lots going on - with kids rapidly turning into teenagers, with my job basically being discipline all day, and with the weather so darn crazy you don't know what might come up the pike. that storm - they thought it would be twelve to nineteen inches, but it didn't turn out that way, i probably could have made it down the hill. we're only in february though, much more could be coming.

then, to top it off, today, an unexplained dizziness came through me. a class of reasonably bad kids started looking fuzzy and i was afraid to stand up. out in my car i heaved my lunch - bad. not sure what it was. now, at home, by the fire, i try to pull it together again. you sign up for these sub gigs one at a time. you never quite know what you'll get. today, though, one kid comes in, and says, "i like this sub. the other one yelled at me for nothing," something to that effect. it's all about when and where you snap. the sub i was with, he snapped early and hard, but he kind of eased off when he saw how much i was able to put up with. i actually got more work out of them, being relatively easy on them (not true in the computer lab), but at least i didn't have to send anyone packing. i don't like writing them up. as they get to know my line, though, it seems we get along better. and so, tomorrow, another day.

Saturday, February 11, 2017

new story:
Survival
comments welcome! enjoy!

Saturday, February 04, 2017

the sun goes down in the mountains; another day is gone. super bowl is tomorrow and i've promised my son i'd watch it. he likes the patriots though, i don't. those are the guys who let all the air out of the balls and got away with it, though i might have my story wrong here. to me, if the government is taken over by a bunch of immoral millionaire liars, why should i root for anyone called "patriots?"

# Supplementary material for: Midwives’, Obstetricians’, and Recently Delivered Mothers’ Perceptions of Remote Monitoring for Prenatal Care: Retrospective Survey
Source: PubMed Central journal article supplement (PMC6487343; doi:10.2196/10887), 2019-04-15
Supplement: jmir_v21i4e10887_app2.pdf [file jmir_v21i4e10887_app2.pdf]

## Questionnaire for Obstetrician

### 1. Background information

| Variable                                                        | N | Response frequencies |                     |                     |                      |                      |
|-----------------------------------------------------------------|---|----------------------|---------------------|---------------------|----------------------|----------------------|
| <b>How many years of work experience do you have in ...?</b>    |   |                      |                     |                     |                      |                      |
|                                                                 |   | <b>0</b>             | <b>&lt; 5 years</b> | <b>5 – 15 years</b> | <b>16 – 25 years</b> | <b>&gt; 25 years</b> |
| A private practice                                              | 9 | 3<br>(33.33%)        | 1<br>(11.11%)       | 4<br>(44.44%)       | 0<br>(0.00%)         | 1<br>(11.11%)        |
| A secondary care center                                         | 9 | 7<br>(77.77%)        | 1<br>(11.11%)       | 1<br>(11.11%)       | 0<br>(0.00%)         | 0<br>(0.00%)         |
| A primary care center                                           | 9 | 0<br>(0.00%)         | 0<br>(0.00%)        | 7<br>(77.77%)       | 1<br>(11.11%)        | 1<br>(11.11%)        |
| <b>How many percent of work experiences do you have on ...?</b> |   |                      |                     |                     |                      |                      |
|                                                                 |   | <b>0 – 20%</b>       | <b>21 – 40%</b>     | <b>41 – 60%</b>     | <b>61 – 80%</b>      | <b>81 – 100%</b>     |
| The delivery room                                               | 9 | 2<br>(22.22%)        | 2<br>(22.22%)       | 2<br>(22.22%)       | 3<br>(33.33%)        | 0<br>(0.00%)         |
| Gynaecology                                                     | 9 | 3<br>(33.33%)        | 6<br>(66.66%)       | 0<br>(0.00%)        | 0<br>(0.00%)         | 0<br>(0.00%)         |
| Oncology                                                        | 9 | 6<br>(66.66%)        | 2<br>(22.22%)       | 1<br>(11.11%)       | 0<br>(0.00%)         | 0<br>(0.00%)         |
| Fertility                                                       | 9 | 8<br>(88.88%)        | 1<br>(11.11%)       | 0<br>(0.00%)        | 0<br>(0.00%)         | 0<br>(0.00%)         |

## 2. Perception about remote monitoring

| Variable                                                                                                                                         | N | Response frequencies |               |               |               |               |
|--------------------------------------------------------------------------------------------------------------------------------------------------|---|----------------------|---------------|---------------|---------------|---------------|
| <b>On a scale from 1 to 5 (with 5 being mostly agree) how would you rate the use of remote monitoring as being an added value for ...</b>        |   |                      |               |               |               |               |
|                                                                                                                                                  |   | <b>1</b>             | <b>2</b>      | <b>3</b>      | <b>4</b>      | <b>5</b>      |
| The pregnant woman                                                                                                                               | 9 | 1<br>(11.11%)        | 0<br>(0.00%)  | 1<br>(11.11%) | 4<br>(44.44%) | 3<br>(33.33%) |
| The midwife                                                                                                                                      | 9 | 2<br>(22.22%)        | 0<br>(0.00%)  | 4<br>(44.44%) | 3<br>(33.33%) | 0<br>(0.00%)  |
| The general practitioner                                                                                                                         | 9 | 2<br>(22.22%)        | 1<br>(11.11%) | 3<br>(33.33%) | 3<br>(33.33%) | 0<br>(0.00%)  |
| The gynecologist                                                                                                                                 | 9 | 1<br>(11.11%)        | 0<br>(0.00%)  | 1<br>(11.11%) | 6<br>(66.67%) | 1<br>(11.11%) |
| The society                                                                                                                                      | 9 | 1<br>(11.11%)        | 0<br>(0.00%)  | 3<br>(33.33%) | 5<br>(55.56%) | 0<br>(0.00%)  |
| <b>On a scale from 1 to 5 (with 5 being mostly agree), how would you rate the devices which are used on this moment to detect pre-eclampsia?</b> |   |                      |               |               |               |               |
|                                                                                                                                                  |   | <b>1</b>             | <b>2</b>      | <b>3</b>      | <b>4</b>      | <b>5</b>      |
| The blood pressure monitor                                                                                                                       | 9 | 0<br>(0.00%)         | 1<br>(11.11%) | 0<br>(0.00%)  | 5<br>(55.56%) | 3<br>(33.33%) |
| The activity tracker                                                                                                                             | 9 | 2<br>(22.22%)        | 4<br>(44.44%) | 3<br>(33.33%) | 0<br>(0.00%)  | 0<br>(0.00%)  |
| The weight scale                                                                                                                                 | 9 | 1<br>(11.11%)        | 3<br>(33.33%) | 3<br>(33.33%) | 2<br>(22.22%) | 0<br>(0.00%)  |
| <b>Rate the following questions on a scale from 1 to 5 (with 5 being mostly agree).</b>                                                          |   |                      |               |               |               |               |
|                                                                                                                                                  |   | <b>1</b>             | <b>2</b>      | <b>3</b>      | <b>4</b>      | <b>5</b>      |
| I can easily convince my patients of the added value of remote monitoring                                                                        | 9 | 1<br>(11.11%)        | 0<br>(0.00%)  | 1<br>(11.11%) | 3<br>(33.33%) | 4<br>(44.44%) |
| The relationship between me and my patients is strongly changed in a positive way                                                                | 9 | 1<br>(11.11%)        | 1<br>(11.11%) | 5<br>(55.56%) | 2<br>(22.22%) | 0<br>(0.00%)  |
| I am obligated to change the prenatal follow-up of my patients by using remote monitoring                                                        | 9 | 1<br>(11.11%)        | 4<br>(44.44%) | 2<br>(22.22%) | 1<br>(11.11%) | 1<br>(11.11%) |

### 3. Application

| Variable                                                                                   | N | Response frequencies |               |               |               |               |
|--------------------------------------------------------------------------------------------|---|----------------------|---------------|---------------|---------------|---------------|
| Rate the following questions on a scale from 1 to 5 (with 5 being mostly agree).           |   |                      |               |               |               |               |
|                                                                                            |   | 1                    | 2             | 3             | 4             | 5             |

on the other hand, it is a kind of north-south thing, and i dislike the falcons too, although it was said at one point that they have a quaker on their side. he isn't a quaker, someone pointed out, he's a catholic who played for william penn. well what does that mean? and besides he's a football player. this means that if he does what they want him to do, he'll gather up a violent froth and go after those patriots with a vicious fervor. i don't really support football at all, but i support my son, who needs good information to take back to his classmates, for example, a solid grasp of the rules of football which one best gets from one's father, when one doesn't want to admit that one doesn't have a clue, otherwise. he also wants me to take him hunting (like the other fathers do), but i've been dragging my feet.